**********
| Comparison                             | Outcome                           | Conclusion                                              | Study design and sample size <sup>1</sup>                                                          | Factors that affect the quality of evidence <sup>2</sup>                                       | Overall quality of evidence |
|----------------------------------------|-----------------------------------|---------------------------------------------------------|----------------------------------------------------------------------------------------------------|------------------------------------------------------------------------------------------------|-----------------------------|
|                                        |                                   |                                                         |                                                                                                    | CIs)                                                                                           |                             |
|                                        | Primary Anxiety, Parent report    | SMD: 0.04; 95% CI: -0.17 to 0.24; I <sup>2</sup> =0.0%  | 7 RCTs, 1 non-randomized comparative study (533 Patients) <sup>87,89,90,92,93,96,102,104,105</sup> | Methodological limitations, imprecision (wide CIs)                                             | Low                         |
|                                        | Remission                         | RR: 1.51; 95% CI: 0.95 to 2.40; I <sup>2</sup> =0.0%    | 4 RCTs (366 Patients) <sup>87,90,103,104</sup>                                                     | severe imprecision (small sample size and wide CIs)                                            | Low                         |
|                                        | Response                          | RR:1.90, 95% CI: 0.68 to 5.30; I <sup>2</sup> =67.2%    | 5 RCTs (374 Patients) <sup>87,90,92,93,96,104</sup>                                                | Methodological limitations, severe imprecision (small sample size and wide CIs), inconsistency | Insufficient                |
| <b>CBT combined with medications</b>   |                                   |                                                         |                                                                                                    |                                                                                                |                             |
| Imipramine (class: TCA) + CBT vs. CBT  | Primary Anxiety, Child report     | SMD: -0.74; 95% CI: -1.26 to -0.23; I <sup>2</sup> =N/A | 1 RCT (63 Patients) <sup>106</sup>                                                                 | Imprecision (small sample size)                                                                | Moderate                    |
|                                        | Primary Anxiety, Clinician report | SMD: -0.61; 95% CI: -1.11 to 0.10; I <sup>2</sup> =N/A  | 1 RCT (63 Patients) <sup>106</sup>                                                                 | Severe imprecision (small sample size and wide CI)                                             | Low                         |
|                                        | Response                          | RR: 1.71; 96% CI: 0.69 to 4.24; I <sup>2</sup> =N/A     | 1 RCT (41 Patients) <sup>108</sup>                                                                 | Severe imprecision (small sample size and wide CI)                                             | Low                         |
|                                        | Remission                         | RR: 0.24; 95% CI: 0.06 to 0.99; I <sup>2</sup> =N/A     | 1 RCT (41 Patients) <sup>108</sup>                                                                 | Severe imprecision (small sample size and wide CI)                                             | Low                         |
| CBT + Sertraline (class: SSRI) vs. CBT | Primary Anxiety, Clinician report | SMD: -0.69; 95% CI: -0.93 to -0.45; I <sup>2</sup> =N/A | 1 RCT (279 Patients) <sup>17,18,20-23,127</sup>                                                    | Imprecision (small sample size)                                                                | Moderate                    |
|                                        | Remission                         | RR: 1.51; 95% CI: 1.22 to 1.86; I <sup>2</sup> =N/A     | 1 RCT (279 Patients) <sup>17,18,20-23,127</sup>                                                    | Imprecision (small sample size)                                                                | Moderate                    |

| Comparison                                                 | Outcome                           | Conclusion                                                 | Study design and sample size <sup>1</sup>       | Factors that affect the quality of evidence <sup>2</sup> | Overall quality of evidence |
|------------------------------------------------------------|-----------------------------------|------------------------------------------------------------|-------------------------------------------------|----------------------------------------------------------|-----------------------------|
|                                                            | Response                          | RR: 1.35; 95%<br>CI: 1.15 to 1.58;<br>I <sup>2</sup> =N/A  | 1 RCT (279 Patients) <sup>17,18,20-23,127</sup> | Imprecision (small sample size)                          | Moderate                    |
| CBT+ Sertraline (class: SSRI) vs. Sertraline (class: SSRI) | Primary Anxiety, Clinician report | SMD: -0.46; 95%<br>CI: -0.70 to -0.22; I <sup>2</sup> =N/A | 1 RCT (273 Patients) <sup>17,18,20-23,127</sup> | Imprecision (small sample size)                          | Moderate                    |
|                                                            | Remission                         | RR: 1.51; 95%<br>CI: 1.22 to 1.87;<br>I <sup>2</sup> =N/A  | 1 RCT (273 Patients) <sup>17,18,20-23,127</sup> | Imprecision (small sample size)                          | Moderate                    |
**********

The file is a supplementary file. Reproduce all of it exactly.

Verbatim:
| Comparison                             | Outcome                           | Conclusion                                              | Study design and sample size <sup>1</sup>                                                          | Factors that affect the quality of evidence <sup>2</sup>                                       | Overall quality of evidence |
|----------------------------------------|-----------------------------------|---------------------------------------------------------|----------------------------------------------------------------------------------------------------|------------------------------------------------------------------------------------------------|-----------------------------|
|                                        |                                   |                                                         |                                                                                                    | CIs)                                                                                           |                             |
|                                        | Primary Anxiety, Parent report    | SMD: 0.04; 95% CI: -0.17 to 0.24; I <sup>2</sup> =0.0%  | 7 RCTs, 1 non-randomized comparative study (533 Patients) <sup>87,89,90,92,93,96,102,104,105</sup> | Methodological limitations, imprecision (wide CIs)                                             | Low                         |
|                                        | Remission                         | RR: 1.51; 95% CI: 0.95 to 2.40; I <sup>2</sup> =0.0%    | 4 RCTs (366 Patients) <sup>87,90,103,104</sup>                                                     | severe imprecision (small sample size and wide CIs)                                            | Low                         |
|                                        | Response                          | RR:1.90, 95% CI: 0.68 to 5.30; I <sup>2</sup> =67.2%    | 5 RCTs (374 Patients) <sup>87,90,92,93,96,104</sup>                                                | Methodological limitations, severe imprecision (small sample size and wide CIs), inconsistency | Insufficient                |
| <b>CBT combined with medications</b>   |                                   |                                                         |                                                                                                    |                                                                                                |                             |
| Imipramine (class: TCA) + CBT vs. CBT  | Primary Anxiety, Child report     | SMD: -0.74; 95% CI: -1.26 to -0.23; I <sup>2</sup> =N/A | 1 RCT (63 Patients) <sup>106</sup>                                                                 | Imprecision (small sample size)                                                                | Moderate                    |
|                                        | Primary Anxiety, Clinician report | SMD: -0.61; 95% CI: -1.11 to 0.10; I <sup>2</sup> =N/A  | 1 RCT (63 Patients) <sup>106</sup>                                                                 | Severe imprecision (small sample size and wide CI)                                             | Low                         |
|                                        | Response                          | RR: 1.71; 96% CI: 0.69 to 4.24; I <sup>2</sup> =N/A     | 1 RCT (41 Patients) <sup>108</sup>                                                                 | Severe imprecision (small sample size and wide CI)                                             | Low                         |
|                                        | Remission                         | RR: 0.24; 95% CI: 0.06 to 0.99; I <sup>2</sup> =N/A     | 1 RCT (41 Patients) <sup>108</sup>                                                                 | Severe imprecision (small sample size and wide CI)                                             | Low                         |
| CBT + Sertraline (class: SSRI) vs. CBT | Primary Anxiety, Clinician report | SMD: -0.69; 95% CI: -0.93 to -0.45; I <sup>2</sup> =N/A | 1 RCT (279 Patients) <sup>17,18,20-23,127</sup>                                                    | Imprecision (small sample size)                                                                | Moderate                    |
|                                        | Remission                         | RR: 1.51; 95% CI: 1.22 to 1.86; I <sup>2</sup> =N/A     | 1 RCT (279 Patients) <sup>17,18,20-23,127</sup>                                                    | Imprecision (small sample size)                                                                | Moderate                    |

| Comparison                                                 | Outcome                           | Conclusion                                                 | Study design and sample size <sup>1</sup>       | Factors that affect the quality of evidence <sup>2</sup> | Overall quality of evidence |
|------------------------------------------------------------|-----------------------------------|------------------------------------------------------------|-------------------------------------------------|----------------------------------------------------------|-----------------------------|
|                                                            | Response                          | RR: 1.35; 95%<br>CI: 1.15 to 1.58;<br>I <sup>2</sup> =N/A  | 1 RCT (279 Patients) <sup>17,18,20-23,127</sup> | Imprecision (small sample size)                          | Moderate                    |
| CBT+ Sertraline (class: SSRI) vs. Sertraline (class: SSRI) | Primary Anxiety, Clinician report | SMD: -0.46; 95%<br>CI: -0.70 to -0.22; I <sup>2</sup> =N/A | 1 RCT (273 Patients) <sup>17,18,20-23,127</sup> | Imprecision (small sample size)                          | Moderate                    |
|                                                            | Remission                         | RR: 1.51; 95%<br>CI: 1.22 to 1.87;<br>I <sup>2</sup> =N/A  | 1 RCT (273 Patients) <sup>17,18,20-23,127</sup> | Imprecision (small sample size)                          | Moderate                    |